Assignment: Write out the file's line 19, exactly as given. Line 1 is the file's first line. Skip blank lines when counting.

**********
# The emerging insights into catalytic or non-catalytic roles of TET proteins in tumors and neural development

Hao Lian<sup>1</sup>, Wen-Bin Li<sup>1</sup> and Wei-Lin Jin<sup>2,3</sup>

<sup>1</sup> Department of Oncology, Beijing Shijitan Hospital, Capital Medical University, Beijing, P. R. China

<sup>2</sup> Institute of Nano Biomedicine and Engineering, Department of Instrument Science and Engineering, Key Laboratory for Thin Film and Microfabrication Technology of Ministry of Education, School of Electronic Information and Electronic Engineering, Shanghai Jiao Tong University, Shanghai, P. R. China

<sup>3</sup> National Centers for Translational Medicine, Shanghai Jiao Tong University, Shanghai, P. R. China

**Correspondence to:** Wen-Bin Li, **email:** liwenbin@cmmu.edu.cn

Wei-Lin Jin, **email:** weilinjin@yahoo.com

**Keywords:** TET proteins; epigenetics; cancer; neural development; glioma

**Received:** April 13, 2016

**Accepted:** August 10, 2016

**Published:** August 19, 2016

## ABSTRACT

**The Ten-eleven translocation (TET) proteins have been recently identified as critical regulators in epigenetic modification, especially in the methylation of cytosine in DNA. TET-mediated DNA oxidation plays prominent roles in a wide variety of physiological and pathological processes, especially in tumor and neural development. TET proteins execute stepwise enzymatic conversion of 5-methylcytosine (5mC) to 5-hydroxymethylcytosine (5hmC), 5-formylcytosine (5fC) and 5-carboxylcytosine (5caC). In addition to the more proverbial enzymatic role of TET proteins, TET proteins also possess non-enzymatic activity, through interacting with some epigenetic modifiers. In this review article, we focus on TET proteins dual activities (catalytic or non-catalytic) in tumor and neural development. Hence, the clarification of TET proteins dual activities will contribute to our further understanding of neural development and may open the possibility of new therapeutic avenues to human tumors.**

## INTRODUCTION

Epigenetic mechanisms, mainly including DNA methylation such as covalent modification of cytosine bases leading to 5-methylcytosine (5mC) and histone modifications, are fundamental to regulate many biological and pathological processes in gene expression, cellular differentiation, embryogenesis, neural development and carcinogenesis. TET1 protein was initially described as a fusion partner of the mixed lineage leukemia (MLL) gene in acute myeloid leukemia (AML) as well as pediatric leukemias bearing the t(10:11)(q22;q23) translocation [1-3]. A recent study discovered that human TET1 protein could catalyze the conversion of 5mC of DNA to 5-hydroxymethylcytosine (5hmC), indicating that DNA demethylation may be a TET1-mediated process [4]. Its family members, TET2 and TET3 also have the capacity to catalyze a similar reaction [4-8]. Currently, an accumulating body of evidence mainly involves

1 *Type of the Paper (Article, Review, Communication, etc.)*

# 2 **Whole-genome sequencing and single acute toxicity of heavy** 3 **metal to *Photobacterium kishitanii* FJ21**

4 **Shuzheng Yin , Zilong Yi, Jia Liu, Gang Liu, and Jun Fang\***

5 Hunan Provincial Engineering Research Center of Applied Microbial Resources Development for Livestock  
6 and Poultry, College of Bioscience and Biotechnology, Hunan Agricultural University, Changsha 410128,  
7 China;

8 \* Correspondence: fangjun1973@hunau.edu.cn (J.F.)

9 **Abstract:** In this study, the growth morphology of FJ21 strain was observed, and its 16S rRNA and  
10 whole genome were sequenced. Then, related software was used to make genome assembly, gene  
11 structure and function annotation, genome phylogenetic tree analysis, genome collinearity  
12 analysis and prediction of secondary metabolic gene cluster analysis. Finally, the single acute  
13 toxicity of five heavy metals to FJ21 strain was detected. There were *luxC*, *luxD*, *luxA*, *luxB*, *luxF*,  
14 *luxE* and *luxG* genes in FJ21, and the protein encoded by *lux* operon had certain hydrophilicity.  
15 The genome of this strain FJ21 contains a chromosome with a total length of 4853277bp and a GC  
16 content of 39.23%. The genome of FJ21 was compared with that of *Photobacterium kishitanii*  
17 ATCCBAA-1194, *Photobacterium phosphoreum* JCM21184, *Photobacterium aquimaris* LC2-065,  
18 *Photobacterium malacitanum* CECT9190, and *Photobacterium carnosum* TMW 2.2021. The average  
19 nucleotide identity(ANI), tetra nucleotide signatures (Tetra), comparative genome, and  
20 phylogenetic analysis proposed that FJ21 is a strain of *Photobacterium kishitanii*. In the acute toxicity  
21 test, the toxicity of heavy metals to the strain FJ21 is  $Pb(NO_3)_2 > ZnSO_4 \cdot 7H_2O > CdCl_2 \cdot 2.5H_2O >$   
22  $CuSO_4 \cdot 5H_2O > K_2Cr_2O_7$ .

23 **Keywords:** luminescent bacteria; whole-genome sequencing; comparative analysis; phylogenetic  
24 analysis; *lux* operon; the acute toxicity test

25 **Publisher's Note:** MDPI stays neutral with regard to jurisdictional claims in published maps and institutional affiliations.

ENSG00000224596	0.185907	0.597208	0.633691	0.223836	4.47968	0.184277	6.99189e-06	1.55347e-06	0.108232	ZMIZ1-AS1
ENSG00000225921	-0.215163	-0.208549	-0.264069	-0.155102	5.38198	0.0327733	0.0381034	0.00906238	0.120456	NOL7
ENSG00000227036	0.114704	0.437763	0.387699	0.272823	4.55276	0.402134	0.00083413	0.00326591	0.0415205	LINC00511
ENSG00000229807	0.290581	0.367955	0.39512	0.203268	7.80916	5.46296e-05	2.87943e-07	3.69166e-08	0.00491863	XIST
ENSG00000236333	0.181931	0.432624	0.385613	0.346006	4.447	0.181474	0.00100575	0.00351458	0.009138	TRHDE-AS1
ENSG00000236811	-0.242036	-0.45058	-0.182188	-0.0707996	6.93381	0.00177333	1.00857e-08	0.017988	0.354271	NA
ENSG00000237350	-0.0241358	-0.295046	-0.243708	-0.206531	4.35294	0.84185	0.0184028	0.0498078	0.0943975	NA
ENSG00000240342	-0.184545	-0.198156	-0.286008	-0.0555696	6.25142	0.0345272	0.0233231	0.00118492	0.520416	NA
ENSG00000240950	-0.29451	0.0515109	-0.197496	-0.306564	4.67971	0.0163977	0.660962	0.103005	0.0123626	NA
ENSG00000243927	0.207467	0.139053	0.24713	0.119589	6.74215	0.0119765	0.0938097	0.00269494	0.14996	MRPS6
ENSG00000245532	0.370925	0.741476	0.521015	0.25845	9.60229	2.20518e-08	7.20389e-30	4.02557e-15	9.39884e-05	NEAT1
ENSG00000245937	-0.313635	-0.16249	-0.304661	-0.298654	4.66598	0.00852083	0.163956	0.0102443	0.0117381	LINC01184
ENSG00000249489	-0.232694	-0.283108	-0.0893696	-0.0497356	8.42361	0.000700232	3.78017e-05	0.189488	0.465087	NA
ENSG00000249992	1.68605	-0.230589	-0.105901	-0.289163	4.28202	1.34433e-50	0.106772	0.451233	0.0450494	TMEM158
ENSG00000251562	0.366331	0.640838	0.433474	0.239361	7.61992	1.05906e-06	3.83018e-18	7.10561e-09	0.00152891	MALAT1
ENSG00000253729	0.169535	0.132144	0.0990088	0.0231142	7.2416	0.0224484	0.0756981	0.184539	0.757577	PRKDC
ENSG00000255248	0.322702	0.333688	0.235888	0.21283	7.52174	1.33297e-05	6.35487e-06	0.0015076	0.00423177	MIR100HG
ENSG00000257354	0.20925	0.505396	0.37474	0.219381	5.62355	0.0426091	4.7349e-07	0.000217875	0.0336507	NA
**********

5 Hunan Provincial Engineering Research Center of Applied Microbial Resources Development for Livestock  